- Peter Coetzee
Should Improper Entry into the United States be Decriminalized?
In recent months, decriminalization of improper entry into the United States has become a mainstream issue in the Democratic primary. During the first Democratic debate, presidential candidate Julian Castro called for repealing, 8 U.S. Code § 1325, the statute governing improper entry and creating a new paradigm in which improper entry would only constitute a civil, rather than criminal, offense. Fourteen other Democratic candidates have since indicated that they would also repeal § 1325 if given the opportunity.
The criminal portion § 1325 currently provides that:
"[A]ny alien who (1) enters or attempts to enter the United States at any time or place other than as designated by immigration officers, or (2) eludes examination or inspection by immigration officers, or (3) attempts to enter or obtains entry to the United States by a willfully false or misleading representation or the willful concealment of a material fact, shall, for the first commission of any such offense, be fined under title 18 or imprisoned not more than 6 months, or both, and, for a subsequent commission of any such offense, be fined under title 18, or imprisoned not more than 2 years, or both."
The history of the evolution of §1325 should be considered when discussing the wisdom of decriminalizing improper entry. The Immigration Act of 1924 first established immigration quotas that were explicitly racist and intended to favor immigrants from northern and western Europe, while disfavoring immigrants from southern and eastern Europe as well as banning a majority of immigrants from Asia. A provision in the subsequent Immigration Act of 1929 implemented new sanctions against entry into the United States without inspection that included a misdemeanor charge punishable by imprisonment for up to one year or by a fine of up to $1,000, or both.
Section 275 of the Immigration and Nationalization Act designated a first instance of improper entry a misdemeanor punishable by up to six months imprisonment, or a fine of up to $500, or both. Subsequent entries constituted a felony punishable by up to two years imprisonment, or a fine up $1,000, or both. Finally, § 543(b)(2) of the Immigration Act of 1990 increased the severity of punishment for illegal entry by raising the cap on fines for a first offense to $2,000. Under the current paradigm, migrants that are criminally prosecuted for improper entry are essentially punished for the same violation twice; civil removal processes only begin after the person convicted of improper entry serve their federal prison sentences.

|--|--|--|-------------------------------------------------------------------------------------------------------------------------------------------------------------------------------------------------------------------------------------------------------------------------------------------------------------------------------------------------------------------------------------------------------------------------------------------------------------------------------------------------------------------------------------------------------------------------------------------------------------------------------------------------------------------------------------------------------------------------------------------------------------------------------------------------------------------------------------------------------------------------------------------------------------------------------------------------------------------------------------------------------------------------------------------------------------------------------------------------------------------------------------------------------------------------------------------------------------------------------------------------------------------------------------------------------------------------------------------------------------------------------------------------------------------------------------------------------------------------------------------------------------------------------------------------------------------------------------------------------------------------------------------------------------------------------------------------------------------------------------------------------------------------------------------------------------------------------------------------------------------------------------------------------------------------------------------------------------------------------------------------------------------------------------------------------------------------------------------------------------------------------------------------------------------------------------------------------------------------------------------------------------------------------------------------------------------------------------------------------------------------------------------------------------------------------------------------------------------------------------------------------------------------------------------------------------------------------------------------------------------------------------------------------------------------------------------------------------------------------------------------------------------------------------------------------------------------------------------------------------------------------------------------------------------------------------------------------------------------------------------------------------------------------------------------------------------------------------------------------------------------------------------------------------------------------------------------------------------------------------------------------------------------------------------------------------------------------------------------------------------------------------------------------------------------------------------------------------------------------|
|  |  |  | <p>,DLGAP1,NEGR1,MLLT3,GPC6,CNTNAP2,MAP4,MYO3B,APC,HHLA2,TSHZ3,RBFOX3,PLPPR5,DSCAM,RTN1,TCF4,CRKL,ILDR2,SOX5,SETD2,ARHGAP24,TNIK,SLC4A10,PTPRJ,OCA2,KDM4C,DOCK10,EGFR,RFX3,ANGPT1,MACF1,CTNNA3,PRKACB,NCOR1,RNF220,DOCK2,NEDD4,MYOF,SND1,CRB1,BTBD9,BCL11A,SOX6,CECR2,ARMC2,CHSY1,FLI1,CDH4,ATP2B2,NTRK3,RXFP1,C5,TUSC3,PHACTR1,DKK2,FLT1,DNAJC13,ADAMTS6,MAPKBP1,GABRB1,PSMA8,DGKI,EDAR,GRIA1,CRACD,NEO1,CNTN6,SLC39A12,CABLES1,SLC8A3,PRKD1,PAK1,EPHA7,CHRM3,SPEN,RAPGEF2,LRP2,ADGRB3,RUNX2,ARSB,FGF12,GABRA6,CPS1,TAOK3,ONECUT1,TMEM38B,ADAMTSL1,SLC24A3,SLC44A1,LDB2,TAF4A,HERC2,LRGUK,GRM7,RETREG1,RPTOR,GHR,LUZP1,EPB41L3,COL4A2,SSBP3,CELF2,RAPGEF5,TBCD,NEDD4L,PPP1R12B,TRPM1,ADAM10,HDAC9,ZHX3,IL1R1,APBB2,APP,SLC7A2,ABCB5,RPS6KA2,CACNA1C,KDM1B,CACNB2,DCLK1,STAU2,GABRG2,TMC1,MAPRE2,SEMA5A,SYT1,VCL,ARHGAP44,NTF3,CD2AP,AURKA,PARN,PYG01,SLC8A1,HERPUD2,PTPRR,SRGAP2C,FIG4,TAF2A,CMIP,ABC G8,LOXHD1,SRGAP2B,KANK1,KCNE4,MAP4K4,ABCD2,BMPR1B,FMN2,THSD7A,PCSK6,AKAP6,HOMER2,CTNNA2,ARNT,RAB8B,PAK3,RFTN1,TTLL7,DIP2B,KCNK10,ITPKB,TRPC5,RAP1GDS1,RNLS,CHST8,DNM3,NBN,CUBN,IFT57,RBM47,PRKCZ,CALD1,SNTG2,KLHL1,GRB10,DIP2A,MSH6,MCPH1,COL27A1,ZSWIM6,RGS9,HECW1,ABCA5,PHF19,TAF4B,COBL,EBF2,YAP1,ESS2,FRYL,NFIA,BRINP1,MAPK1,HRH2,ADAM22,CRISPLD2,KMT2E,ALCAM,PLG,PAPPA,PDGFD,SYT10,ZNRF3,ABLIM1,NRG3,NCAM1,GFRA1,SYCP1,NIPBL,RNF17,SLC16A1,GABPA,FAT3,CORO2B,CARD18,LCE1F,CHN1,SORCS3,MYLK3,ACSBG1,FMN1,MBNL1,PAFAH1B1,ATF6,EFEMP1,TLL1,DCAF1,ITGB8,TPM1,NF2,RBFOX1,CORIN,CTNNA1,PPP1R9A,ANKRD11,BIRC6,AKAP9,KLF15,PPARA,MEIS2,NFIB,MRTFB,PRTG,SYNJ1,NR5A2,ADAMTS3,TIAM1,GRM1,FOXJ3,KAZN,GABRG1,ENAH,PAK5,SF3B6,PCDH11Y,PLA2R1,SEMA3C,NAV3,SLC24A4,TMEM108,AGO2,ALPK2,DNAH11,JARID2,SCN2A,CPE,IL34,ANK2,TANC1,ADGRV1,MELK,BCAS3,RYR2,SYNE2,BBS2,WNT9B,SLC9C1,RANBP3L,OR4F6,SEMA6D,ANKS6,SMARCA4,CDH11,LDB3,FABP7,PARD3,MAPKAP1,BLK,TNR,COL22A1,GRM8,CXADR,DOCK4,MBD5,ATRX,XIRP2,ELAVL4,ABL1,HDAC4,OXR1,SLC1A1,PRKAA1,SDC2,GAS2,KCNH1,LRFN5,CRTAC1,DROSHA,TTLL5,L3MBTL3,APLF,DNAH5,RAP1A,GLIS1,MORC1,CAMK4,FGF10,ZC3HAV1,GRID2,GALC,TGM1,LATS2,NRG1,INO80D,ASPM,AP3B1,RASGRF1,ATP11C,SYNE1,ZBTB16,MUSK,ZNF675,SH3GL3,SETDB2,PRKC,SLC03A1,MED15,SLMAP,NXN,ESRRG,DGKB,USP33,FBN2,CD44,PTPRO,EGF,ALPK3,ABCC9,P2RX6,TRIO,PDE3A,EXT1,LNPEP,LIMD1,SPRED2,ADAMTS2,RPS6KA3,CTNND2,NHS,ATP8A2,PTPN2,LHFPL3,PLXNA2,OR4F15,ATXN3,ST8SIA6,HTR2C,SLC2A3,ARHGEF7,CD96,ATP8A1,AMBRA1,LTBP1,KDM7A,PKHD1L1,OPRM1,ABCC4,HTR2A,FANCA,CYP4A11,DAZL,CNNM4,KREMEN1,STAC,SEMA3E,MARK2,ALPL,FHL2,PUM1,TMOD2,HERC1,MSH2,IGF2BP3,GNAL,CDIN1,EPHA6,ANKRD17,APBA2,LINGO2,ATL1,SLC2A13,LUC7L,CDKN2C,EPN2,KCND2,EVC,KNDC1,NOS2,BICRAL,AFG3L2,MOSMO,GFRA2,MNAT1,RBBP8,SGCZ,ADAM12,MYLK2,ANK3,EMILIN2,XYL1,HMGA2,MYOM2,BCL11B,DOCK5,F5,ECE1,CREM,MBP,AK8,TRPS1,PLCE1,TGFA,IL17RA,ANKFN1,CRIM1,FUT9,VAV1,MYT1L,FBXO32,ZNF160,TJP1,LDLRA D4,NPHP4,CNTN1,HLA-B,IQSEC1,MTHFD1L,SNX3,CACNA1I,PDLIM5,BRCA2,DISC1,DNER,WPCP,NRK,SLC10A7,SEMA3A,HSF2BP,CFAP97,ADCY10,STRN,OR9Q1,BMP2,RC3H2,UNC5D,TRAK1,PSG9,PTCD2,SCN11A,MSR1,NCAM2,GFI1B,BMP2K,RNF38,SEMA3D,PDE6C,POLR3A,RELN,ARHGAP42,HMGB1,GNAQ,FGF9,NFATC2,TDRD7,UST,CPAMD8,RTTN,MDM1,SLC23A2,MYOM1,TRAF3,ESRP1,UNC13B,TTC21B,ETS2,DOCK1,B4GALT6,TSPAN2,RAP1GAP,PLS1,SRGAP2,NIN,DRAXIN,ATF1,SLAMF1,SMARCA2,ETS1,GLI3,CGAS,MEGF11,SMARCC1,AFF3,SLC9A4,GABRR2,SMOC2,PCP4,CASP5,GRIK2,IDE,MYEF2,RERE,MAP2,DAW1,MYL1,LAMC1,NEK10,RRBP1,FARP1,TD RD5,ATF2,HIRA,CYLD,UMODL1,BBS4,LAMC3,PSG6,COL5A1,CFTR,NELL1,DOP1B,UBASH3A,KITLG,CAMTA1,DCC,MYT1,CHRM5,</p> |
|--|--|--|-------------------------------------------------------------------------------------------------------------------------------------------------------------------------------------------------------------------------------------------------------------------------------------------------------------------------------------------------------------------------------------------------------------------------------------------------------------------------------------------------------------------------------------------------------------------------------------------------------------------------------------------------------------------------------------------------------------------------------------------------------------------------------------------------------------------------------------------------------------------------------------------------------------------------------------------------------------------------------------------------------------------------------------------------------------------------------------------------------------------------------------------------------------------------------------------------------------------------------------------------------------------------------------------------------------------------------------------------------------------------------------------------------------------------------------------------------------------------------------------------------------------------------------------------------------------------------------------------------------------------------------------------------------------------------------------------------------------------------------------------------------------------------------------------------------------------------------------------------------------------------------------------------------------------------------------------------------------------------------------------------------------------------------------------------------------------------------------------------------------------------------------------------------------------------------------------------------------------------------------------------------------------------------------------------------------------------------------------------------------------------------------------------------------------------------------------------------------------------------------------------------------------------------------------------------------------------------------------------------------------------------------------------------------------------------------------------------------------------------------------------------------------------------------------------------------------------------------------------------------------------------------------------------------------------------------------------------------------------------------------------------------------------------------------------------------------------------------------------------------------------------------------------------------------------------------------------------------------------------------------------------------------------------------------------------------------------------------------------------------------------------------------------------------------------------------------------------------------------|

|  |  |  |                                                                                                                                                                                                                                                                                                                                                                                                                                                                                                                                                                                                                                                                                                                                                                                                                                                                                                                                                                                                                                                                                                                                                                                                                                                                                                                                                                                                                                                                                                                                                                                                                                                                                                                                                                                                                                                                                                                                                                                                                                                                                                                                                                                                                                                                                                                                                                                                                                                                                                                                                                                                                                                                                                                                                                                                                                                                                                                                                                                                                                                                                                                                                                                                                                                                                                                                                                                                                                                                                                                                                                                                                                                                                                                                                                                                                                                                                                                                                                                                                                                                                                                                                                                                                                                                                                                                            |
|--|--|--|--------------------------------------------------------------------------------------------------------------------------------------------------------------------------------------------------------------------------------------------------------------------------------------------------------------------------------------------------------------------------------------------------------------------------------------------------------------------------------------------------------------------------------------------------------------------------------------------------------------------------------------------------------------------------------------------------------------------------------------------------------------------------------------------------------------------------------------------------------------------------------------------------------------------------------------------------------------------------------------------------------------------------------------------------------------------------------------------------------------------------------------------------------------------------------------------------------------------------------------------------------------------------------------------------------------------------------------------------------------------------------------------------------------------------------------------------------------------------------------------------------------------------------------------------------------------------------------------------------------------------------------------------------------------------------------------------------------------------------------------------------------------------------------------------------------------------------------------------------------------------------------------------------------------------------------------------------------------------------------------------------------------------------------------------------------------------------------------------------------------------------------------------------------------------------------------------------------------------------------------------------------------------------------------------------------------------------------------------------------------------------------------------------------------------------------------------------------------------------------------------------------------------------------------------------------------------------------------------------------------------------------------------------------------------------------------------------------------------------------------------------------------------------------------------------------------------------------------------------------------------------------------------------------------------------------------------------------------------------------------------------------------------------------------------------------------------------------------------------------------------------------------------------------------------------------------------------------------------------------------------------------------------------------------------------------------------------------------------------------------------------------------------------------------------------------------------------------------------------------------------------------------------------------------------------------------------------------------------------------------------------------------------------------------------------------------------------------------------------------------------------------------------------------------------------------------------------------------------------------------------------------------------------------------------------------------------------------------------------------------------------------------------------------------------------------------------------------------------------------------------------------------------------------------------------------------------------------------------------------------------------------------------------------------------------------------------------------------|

Despite the increasingly draconian punishments for improper entry, the prosecution mechanisms provided by these statutes were not often utilized until 2005 when President Bush launched Operation Streamline. Operation Streamline provided that every person who illegally crossed the border could face criminal charges. The increase in use of criminal sanctions to punish improper entry continued under President Obama and by the time President Trump assumed office, improper entry proceedings constituted nearly half of all federal prosecutions with enormous costs to the government and other collateral consequences.
Upon first glance, it may be reasonable to assume that migrants would enjoy greater constitutional protections if charged with a criminal sanction instead of a civil sanction. These protections include the right be Mirandized upon arrest, a presumption of innocence, the right to a speedy and impartial trial, the right to a trial by jury, the right to equal protection, the right to confront accuser, the right to legal counsel, and the right to be free from excessive bail. Upon first examination, these rights appear to provide defendants in illegal entry cases a large degree of protections that would otherwise be absent in a civil trial.